The indications are clear and strong that the Gulf states will likely remain as important in global affairs in the coming decades as they were in the twentieth century, this is what a report prepared by The Economist concluded on the global energy crisis and geopolitics, and how the war in Ukraine reshaped the oil and gas market in the world, so that the countries of the region will be the most prominent player in it, adding that a new Gulf is emerging on the global scene.

For this reason, politicians in Western countries, who are facing an energy crisis and high costs of living, are flocking to the Gulf states, the last of whom is Olaf Schulz, the German chancellor, as Germany has been searching since Russia cut off gas from it for alternative markets that it can import energy from, reports a local Arabic daily.

The latest oil and gas boom is occurring alongside deeper market trends: re-engineering global energy flows in response to Western sanctions and climate change, and reshaping geopolitical alliances in the Middle East as countries in the region adapt to a multipolar world, where America is no longer a reliable guarantor to achieve Security. The result is a new bay destined to remain pivotal for decades to come.

The Gulf states belong to a region that has gone through two difficult decades. Amid wars and uprisings, one million people have died as a result of violence in the Middle East, and its share of global GDP has fallen from 4% in 2012 to 3%. America has reduced its military presence in the wake of the disasters in Iraq and Afghanistan, leaving old allies, including the Gulf states, suspicious of the security vacuum that Iran and its proxies are filling. While the Gulf countries have faced a long-term decline in global demand for fossil fuels, even as the countries of the world suffer from reduced rainfall and rising temperatures due to climate change.

It’s a daunting starting point, but two new forces are at play — the first are changes in energy markets. At current prices, the Gulf states could earn $3.5 trillion over the next five years. Western sanctions against Russia are reorienting how energy is traded around the world. With Russian production flowing to the east, the Gulf is expected to become an even greater resource for the West.

In response to stressed energy markets, Saudi Arabia and the UAE are ramping up capital investment in oil with a long-term goal of being last in the industry, helped by the fact that they have lower cost and less polluting extraction processes. Together, they aim to increase production from 13 million barrels per day last year to 16 million in the medium term. This will drive market share up as governments around the world clamp down on emissions and lower global demand for oil.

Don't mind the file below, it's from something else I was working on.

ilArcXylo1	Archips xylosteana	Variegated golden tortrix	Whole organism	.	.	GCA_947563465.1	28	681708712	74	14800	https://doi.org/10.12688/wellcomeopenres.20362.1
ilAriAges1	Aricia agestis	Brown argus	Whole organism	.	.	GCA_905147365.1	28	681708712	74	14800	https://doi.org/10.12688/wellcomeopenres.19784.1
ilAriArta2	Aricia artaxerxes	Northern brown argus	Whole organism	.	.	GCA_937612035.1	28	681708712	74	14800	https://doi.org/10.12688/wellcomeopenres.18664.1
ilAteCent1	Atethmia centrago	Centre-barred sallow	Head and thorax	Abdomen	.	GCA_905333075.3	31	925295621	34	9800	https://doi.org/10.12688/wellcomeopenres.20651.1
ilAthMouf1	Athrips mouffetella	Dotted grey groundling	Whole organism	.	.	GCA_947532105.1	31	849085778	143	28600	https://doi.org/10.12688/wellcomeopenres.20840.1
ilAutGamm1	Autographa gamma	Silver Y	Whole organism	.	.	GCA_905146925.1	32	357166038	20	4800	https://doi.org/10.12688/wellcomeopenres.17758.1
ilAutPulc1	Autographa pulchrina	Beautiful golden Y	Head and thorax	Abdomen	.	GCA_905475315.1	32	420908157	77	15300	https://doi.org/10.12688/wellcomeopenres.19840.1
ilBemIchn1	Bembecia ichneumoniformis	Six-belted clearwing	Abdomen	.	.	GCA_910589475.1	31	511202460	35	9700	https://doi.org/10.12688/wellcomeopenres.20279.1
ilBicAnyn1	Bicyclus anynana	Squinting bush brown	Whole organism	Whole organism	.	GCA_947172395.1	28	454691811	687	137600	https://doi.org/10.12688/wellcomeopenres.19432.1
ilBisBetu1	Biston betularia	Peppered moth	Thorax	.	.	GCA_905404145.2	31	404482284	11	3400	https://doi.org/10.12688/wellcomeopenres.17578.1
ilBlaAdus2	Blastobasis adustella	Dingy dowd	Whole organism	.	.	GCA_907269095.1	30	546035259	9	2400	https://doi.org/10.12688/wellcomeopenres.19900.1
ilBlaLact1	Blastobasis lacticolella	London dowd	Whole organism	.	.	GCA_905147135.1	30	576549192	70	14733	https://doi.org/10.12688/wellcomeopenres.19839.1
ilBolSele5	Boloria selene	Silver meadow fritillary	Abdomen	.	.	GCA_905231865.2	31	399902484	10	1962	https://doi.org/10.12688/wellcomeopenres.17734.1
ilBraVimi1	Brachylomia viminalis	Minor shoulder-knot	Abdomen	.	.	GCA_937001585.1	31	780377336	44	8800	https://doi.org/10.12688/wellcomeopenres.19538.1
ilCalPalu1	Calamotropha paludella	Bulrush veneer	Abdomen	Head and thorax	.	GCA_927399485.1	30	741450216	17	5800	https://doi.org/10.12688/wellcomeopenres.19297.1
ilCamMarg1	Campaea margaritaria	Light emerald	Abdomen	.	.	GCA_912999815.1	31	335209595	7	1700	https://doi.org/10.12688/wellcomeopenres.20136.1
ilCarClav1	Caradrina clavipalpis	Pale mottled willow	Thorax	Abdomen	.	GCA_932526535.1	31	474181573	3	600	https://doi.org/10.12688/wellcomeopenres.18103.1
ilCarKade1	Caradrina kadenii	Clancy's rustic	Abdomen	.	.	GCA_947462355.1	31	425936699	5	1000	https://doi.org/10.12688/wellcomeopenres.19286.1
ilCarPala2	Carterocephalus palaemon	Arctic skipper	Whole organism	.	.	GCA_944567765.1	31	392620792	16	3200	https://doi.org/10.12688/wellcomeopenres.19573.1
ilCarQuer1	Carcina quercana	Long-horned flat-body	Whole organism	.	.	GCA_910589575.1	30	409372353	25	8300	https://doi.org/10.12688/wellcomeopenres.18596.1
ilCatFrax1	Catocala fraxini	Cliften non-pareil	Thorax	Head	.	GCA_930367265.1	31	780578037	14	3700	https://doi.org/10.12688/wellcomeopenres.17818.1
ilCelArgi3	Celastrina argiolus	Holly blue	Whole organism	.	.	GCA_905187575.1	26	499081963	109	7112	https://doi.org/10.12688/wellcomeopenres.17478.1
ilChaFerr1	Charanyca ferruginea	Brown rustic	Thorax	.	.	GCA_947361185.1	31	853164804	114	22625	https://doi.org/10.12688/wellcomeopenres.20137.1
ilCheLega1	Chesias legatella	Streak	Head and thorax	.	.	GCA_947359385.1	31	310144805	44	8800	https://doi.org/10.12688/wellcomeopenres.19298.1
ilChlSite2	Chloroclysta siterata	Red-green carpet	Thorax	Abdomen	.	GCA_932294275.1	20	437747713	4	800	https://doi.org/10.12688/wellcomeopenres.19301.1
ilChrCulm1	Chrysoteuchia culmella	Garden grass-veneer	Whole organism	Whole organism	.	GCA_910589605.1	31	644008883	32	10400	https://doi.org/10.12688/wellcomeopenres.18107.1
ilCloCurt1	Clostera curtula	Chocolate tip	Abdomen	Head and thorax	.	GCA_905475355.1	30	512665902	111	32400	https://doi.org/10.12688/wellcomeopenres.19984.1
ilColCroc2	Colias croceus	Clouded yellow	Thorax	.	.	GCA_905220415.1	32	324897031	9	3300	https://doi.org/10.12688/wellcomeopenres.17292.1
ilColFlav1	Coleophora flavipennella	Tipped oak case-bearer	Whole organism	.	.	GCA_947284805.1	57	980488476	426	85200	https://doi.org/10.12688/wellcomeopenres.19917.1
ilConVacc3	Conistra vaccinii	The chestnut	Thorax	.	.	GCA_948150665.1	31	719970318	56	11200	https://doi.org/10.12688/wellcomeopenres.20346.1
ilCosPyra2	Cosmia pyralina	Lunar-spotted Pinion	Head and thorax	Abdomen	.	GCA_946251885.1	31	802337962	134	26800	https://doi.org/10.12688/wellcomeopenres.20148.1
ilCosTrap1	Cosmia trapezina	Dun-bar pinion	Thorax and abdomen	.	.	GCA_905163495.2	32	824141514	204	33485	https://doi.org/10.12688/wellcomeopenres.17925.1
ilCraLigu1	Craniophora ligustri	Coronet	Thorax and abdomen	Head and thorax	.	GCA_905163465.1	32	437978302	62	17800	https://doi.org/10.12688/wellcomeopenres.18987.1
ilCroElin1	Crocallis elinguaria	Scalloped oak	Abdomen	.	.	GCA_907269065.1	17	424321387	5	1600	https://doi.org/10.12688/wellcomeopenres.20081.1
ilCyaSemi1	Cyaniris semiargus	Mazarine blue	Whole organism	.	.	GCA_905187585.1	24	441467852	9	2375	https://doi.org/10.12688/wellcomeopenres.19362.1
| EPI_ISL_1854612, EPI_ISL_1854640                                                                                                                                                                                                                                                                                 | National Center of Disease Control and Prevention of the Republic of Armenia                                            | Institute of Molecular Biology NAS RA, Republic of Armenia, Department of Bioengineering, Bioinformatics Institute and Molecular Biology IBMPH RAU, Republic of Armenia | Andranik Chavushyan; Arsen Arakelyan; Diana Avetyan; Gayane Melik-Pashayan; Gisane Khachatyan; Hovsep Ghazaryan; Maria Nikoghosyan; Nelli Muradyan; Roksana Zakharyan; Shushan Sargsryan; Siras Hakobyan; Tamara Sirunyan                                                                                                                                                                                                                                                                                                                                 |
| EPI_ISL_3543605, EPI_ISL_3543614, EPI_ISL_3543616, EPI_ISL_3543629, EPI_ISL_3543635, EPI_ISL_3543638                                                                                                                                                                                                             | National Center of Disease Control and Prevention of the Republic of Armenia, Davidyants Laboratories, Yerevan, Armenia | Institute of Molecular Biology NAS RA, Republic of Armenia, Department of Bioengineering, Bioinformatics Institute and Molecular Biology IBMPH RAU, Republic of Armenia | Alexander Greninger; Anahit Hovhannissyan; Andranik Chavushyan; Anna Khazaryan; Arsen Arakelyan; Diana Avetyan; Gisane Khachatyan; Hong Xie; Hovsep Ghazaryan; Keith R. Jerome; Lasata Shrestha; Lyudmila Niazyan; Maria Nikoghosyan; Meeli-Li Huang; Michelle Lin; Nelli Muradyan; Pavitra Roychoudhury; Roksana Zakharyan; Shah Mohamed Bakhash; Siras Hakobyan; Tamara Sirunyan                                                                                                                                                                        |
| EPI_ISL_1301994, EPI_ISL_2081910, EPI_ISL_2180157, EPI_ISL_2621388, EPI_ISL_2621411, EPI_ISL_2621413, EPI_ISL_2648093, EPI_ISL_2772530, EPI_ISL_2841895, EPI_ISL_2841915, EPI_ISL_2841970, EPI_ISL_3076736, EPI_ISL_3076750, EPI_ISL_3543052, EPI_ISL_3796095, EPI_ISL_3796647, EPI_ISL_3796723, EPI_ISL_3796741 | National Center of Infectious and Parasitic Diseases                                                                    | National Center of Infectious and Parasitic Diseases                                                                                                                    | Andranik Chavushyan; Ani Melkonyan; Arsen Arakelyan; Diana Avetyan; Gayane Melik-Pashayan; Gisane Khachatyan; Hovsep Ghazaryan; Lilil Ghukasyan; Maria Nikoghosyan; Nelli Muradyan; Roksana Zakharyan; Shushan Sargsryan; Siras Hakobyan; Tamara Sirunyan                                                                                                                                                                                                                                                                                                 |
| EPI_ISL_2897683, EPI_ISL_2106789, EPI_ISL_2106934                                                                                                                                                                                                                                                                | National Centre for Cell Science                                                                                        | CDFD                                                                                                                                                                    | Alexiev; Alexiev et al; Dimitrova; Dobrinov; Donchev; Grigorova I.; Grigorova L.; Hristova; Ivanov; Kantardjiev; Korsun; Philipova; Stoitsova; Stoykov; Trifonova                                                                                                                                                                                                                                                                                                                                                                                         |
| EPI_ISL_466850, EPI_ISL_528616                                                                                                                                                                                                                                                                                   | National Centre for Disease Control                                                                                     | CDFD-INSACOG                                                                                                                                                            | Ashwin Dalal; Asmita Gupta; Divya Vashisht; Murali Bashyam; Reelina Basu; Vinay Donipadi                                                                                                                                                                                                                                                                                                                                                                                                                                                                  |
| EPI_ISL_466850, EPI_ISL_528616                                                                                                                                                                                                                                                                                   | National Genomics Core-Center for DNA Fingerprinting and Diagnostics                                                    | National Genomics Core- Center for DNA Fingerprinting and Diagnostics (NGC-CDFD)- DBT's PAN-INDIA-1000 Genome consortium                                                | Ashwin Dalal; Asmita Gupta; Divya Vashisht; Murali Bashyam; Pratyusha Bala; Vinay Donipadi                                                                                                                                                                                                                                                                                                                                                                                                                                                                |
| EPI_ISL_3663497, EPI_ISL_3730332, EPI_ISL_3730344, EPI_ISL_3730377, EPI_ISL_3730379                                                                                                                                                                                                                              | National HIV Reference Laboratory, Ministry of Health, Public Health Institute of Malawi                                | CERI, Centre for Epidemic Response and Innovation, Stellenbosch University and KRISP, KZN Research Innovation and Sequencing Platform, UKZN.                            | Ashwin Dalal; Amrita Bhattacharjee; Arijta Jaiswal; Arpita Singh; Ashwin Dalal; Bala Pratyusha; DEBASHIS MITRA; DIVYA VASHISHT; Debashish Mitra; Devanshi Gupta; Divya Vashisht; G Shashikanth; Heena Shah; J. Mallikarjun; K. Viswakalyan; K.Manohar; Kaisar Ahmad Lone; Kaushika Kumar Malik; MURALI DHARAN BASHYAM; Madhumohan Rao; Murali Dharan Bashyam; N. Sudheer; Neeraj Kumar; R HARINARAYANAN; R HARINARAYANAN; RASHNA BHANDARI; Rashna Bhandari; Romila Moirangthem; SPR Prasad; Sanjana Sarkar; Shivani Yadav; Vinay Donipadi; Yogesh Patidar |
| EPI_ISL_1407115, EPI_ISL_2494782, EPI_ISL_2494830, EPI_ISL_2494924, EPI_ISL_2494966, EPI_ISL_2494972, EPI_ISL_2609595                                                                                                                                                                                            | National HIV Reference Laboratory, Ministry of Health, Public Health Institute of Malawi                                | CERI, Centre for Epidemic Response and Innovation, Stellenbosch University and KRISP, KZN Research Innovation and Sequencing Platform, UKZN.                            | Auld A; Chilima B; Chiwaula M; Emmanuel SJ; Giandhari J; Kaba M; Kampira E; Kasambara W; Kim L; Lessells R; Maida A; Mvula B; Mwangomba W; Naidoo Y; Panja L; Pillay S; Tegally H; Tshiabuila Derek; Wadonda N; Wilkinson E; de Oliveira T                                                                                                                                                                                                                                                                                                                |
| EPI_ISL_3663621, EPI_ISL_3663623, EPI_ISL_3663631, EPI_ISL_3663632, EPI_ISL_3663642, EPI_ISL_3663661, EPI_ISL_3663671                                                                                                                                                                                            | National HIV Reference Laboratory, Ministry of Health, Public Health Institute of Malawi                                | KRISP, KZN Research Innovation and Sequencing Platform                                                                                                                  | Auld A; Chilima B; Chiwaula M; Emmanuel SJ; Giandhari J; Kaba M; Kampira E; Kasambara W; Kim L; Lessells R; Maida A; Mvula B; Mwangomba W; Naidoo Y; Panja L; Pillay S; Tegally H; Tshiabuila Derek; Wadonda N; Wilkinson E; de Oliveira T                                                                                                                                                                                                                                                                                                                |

The sources added, as Qatar expands its North Field project in the next few years, LNG will become what Taiwan represents for advanced semiconductors: its target annual production is equivalent to 33% of total LNG traded worldwide in 2021. There can be no better timing amid the global pressure on the gas market.

The Economist pointed out that the indications are clear and strong that the Gulf region will likely remain as important in global affairs in the coming decades as it was in the twentieth century, despite the hopes of some American strategists that its importance will fade away. In the field of oil and gas, its share of Europe’s imports could rise from less than 10% today to more than 20%. In the area of finance, the Gulf’s $3 trillion reserve and sovereign assets will grow, which will lead to more investments abroad, such as Qatar’s stake in Porsche’s bid next week.

The Economist said that the economic weight of the Gulf states in the Middle East has reached its highest level since 1981, at 60% of regional GDP, and will rise further.

It indicated that the new Gulf is emerging, although some things will remain as they are, but it will remain a volatile region and it is impossible for the world to ignore that.

The Economist pointed out that the Gulf states are now trying to follow a confusing economic path. It plans to expand fossil fuel production for 20 years or so and then reduce it after 2045. It is possible to see how that would work in theory: huge revenues should be quickly reinvested in a high-tech economy based on renewable energy, power systems, hydrogen and water desalination that enjoy sufficient dynamism to create millions of jobs for a large number of young people. In practice, the task is huge. Even if it succeeds, it would make the Paris Agreement’s climate goals unattainable.

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